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A Day at the Zoo no.9 – The Outback Exhibit

We’ve nearly come to the end of these musings from my day at London Zoo, but something else will soon be taking their place; something much more exciting!  There’ll be the usual flash fiction tales and entries for writing competitions, but just for now, enjoy my musings on meeting the wildlife of Australia.

Again, as in other enclosures, there’s no room for the ‘roos to go bounding over to me, or for the emus to streak over.  The only thing they can do is scratch for their food, their movements either fluid and sinuous, or sharp and punctuated.  Unable to stroll or trot, the wallabies “lollop”, scooting by to find some decent “tucker”!  Black swans and Radjah shellducks paddle in the makeshift creek nearby, sifting for food just as the first settlers in the land panned for something much more valuable, even if it was inedible.


A Day At the Zoo #8 – Tree Dwellers

I’ve been neglecting my blogging duties severely this month, but that will change as of September.  Just for now, here’s another of my musings after a day at London Zoo.

The sloth lives up to her name as she lazes in the foliage.  A mild, unhurried and affable face looks back at mine as she deftly slips along the branches.  One she is perched, her extraordinary curling toes begin to groom her fur.

There are, however, more surprises than the sloth among the trees in the jungle enclosure.  Brightly coloured birds circle the canopy and fleet-footed monkeys scamper along within it.  Some spring between trees as though pricked by a nail while others scratch themselves against the bark.  They are a comical sight to be sure, but one cannot help but marvel at their mastery of arboreal life.

Brilliant birds trill and chatter in the aviary; hardly surprising that their sharp songs are continuous as intruders are passing by almost continually!  But if you look with the senses of an artist, it is merely nature’s music and jewellery.

Black and white colobus monkeys sit sedately, or caper round their climbing apparatus, not as nimble as the marmosets, but still a wonderful sight.

On The Way To Miami

Once more, a flash fiction piece, on the theme “Break”.  I originally wrote this story purely as dialogue, but it worked better as full prose.

The sun was setting on a balmy Georgia spring evening. On the verandah of an ornate house in the suburbs of Savannah, a fastidiously neat middle-aged lady was pouring iced tea for three young men and herself, as they sat on green cast iron garden chairs.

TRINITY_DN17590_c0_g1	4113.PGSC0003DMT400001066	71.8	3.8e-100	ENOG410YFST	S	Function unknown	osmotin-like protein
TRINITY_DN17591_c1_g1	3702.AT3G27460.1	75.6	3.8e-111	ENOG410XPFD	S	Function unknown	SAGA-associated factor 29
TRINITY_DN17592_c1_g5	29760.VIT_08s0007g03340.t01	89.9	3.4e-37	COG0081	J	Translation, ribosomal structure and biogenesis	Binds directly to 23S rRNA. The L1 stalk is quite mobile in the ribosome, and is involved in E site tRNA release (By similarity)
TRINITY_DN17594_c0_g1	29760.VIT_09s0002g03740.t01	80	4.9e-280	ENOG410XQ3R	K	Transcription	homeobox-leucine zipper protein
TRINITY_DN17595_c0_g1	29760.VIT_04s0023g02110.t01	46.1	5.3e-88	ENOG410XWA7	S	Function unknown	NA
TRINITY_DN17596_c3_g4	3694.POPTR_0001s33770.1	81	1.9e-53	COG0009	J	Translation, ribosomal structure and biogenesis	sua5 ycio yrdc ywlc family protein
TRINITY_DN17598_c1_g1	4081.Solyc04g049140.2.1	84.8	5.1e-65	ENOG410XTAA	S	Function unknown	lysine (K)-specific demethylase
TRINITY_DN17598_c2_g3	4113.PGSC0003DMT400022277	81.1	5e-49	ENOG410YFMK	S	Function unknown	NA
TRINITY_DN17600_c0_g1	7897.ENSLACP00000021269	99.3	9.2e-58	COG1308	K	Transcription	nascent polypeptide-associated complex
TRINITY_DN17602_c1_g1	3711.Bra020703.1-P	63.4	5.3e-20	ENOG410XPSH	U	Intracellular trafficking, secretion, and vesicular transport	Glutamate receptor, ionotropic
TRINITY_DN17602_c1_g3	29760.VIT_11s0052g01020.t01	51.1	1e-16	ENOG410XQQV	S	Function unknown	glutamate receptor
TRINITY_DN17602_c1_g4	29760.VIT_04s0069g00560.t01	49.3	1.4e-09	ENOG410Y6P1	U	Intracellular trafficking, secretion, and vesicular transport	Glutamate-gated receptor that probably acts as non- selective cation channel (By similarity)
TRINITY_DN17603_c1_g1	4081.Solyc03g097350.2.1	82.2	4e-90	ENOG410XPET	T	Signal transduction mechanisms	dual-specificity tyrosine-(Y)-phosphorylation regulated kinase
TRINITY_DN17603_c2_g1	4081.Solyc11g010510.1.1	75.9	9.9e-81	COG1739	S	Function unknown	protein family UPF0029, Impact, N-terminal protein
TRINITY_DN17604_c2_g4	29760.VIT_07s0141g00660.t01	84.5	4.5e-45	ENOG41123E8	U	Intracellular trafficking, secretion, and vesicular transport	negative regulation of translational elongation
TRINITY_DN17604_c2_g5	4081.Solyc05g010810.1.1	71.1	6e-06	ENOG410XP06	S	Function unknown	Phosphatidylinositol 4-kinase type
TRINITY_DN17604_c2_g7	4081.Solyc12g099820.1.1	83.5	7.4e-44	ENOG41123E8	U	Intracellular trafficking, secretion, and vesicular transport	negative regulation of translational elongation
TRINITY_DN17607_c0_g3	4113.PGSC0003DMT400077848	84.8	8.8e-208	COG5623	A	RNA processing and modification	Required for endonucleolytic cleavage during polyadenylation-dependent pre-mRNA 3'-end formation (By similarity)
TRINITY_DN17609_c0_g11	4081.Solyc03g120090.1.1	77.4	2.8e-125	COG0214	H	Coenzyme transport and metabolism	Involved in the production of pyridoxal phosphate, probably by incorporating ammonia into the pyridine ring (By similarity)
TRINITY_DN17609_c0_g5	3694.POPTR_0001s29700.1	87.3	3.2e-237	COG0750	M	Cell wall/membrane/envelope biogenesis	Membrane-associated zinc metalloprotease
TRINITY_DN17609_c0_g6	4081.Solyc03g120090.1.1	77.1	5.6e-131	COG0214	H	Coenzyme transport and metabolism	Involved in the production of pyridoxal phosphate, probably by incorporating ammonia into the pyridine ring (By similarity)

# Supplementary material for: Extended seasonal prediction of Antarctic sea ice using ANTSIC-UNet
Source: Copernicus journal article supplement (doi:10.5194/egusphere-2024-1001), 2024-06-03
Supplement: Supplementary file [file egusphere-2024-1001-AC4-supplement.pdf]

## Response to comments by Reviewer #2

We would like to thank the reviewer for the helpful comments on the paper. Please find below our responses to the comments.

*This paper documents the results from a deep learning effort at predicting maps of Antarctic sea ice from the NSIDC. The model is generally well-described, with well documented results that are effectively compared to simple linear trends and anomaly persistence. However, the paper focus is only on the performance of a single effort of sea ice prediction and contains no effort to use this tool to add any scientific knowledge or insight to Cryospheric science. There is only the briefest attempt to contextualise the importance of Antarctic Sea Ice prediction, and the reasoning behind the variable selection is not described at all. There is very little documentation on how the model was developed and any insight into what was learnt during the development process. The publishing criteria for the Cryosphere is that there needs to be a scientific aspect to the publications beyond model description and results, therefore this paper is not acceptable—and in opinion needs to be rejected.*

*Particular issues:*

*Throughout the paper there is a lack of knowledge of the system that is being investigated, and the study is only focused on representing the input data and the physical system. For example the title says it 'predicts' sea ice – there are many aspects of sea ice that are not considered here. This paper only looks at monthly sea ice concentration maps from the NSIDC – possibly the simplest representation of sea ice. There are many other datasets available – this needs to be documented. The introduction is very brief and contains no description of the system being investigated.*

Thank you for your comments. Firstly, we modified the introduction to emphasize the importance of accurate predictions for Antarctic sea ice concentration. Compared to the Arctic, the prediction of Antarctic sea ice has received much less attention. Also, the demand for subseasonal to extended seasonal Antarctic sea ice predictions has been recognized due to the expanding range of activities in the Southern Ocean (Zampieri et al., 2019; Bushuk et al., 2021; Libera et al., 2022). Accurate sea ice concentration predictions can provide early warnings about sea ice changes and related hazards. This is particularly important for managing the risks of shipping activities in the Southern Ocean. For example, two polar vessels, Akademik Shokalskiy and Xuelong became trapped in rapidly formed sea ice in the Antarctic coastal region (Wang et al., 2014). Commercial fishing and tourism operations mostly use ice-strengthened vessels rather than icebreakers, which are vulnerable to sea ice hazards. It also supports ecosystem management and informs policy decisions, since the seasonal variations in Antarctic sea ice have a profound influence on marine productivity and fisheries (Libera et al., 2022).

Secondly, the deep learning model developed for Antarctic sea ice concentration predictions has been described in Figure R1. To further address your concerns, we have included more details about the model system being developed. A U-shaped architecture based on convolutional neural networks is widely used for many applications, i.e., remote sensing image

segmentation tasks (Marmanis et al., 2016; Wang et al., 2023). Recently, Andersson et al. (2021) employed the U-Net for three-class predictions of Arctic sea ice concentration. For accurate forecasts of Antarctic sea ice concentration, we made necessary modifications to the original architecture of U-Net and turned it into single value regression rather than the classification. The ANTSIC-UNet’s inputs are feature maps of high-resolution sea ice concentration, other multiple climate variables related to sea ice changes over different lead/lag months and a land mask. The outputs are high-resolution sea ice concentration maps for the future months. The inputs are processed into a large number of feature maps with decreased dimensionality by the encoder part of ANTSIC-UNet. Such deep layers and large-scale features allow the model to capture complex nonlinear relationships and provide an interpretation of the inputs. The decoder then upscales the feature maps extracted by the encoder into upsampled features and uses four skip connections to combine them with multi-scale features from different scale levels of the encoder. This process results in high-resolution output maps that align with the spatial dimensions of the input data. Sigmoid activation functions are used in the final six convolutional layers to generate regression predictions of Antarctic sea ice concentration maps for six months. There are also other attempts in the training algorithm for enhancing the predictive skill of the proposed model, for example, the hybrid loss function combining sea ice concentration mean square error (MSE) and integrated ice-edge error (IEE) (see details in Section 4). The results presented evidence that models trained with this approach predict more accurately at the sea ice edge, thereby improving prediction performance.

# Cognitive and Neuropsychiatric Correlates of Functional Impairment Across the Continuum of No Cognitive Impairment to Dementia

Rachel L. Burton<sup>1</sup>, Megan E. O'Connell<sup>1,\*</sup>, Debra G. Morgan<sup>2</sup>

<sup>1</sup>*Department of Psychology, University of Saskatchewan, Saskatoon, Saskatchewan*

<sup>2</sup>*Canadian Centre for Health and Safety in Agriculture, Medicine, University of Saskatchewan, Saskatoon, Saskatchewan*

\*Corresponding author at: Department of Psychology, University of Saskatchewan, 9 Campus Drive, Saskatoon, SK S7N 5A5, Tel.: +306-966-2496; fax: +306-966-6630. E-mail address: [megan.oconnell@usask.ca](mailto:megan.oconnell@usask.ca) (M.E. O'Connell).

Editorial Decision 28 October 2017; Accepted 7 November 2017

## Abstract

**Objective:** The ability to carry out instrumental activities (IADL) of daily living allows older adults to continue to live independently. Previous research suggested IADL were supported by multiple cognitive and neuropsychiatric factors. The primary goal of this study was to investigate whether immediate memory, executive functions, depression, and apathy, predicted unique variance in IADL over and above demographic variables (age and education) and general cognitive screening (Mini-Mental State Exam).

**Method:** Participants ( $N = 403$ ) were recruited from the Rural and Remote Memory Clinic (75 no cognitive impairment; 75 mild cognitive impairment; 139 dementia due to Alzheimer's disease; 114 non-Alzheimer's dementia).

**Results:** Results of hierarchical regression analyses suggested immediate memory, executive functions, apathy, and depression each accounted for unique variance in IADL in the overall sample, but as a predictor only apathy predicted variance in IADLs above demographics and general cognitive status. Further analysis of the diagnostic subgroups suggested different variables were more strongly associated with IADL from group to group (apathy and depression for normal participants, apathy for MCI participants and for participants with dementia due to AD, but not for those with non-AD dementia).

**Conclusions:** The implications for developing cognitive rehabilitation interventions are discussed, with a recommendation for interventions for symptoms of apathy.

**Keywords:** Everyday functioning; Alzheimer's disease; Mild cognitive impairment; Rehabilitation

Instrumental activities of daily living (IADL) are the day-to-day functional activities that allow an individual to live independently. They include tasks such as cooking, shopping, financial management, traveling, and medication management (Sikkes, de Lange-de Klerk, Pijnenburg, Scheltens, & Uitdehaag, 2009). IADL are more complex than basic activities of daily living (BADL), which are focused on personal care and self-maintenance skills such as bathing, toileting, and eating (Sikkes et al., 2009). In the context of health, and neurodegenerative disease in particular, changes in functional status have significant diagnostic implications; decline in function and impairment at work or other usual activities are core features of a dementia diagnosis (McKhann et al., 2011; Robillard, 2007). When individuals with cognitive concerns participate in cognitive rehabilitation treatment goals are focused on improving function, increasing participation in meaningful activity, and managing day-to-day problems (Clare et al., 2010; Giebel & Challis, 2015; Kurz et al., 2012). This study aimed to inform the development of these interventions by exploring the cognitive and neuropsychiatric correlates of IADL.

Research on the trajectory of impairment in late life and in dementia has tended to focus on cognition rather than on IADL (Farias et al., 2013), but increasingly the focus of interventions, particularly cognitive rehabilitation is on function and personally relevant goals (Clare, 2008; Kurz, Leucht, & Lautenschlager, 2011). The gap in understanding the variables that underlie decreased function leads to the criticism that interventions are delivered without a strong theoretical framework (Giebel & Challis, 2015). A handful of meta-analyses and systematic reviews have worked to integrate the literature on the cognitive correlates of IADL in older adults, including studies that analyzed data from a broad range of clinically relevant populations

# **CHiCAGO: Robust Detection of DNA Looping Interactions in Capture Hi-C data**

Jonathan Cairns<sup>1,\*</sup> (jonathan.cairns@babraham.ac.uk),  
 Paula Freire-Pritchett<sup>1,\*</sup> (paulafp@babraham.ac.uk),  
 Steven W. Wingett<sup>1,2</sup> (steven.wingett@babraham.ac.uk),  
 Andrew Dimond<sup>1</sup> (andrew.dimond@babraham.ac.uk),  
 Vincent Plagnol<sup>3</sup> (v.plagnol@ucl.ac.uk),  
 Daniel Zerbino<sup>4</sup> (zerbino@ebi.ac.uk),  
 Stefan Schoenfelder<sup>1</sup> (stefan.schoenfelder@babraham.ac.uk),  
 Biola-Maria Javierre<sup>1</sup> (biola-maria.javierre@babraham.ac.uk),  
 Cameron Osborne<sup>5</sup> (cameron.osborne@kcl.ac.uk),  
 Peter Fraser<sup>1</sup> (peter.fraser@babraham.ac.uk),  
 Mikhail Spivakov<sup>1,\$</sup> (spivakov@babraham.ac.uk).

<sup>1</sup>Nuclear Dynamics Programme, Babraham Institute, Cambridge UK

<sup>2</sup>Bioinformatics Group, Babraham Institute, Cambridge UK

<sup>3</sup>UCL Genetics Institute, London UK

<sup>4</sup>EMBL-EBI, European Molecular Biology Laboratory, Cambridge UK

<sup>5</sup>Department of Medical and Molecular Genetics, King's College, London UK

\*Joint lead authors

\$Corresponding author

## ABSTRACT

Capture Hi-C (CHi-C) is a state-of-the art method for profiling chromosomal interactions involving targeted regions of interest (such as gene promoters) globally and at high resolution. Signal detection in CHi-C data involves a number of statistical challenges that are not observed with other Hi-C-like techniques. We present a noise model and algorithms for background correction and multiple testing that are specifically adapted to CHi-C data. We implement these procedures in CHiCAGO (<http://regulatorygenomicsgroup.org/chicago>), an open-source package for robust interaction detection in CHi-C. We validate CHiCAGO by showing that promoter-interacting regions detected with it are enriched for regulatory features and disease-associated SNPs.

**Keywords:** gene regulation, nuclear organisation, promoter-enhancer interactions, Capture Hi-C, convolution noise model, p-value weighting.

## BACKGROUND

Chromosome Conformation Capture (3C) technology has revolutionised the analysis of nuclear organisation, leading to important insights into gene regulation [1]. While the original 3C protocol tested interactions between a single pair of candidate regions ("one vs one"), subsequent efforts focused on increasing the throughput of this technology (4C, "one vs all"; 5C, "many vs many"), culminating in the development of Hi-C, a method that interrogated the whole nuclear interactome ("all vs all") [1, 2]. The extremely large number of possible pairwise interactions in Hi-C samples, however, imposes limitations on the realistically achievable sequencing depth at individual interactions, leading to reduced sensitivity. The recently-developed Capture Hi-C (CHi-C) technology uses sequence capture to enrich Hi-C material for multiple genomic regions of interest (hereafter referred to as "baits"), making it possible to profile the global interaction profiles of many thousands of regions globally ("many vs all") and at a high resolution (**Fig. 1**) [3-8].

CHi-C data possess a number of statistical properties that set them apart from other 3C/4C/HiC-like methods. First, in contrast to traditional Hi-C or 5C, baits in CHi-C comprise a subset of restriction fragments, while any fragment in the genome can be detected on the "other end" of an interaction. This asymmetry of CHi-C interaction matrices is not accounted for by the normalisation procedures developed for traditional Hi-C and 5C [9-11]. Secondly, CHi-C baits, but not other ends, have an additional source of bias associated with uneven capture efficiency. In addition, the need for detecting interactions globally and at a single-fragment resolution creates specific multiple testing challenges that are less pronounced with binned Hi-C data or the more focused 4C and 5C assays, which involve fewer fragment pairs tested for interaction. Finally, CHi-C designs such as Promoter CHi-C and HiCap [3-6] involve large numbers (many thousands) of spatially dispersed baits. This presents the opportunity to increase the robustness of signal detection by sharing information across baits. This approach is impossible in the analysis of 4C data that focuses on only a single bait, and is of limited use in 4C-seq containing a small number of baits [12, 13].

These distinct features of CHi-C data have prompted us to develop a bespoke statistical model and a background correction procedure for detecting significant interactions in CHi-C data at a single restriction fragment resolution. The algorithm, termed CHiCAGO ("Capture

“So, Preston,” she said as she sat down, “Were the roads good?”
“Smooth sailing all the way from Charlotte, Aunt Holly,” her crop-haired, wiry nephew said with a smile. “And there’s no roadworks anywhere between here and Miami.”
“The real problem was the SatNav,” droned Daryl, his slouched, thick-set, lank-haired companion.
“Or rather, Mike and the SatNav,” Preston said edgily.
“Yeah,” Mike uttered sheepishly. He had close-cropped hair, like Preston, but was much taller, thinner and more athletic.
“This lame-brain told the device to take us to 263 Larson Drive, Savannah,” Preston said irritably, jabbing a thumb at Mike, “Rather than 263 Carson Drive. We ended up in completely the wrong part of town.”
“Why didn’t you stop him when you saw he was going the wrong way?” Aunt Holly asked.
“He was playing Magic The Gathering with me,” Daryl grinned. “This dude gets pretty engrossed with that game when he plays it.”
Aunt Holly snorted. “Next time use a map, like motorists used to!”
“Actually, Ma’am, it’s quite good we got lost,” Daryl shrugged.
“No shit, buddy,” Mike chuckled.
Aunt Holly gave an indignant squeak.
“Better not curse here, guys,” Preston warned. “She’s a strict Baptist.”
“Then best not tell her our plans for Spring Break,” said Mike, pretending to stretch out contentedly while giving a theatrical wink.
“So why was it good you got lost?” Aunt Holly persisted.
Preston began the story. “Well, Aunt Holly, when we found that we were lost, Daryl jumped out of the car because there was a 7-11 nearby and he needed the bathroom. While he was walking over there, Mike reprogrammed the SatNav properly and turned the car around.”
“We were just driving towards the 7-11 to collect Daryl,” Mike continued, “When we see him further down on the sidewalk, yelling at this crazy black chick with real short hair while trying to pull this tyre iron off her!”
“She was about to go into this dude’s driveway and smash his car!” said Daryl, flinging his arms up. “I managed to block her but then she went for me!”
“So we run up and I pull the tyre iron off her and throw it away,” said Mike, “Then I shout at her and demand to know what she’s doing attacking Daryl. She yells she was after the, quote, ‘cross-burnin’ cracker in there who put that on his car roof’. You see Ma’am, Clorinda – that’s what we found out her name was later – had taken exception to the man’s Dodge. He’d painted it to look like the General Lee.”
“You ever watch The Dukes of Hazzard, Aunt Holly?” Preston smiled.
Aunt Holly shook her head. “I don’t hardly watch anything except the news and National Geographic.”
“Well, in that show,” Preston explained, “The heroes, Bo and Luke Duke, do all kinds of crazy stunts in an orange Dodge Charger with the Confederacy flag on the roof. The General Lee, they call it. This guy was obviously a fan of the show.”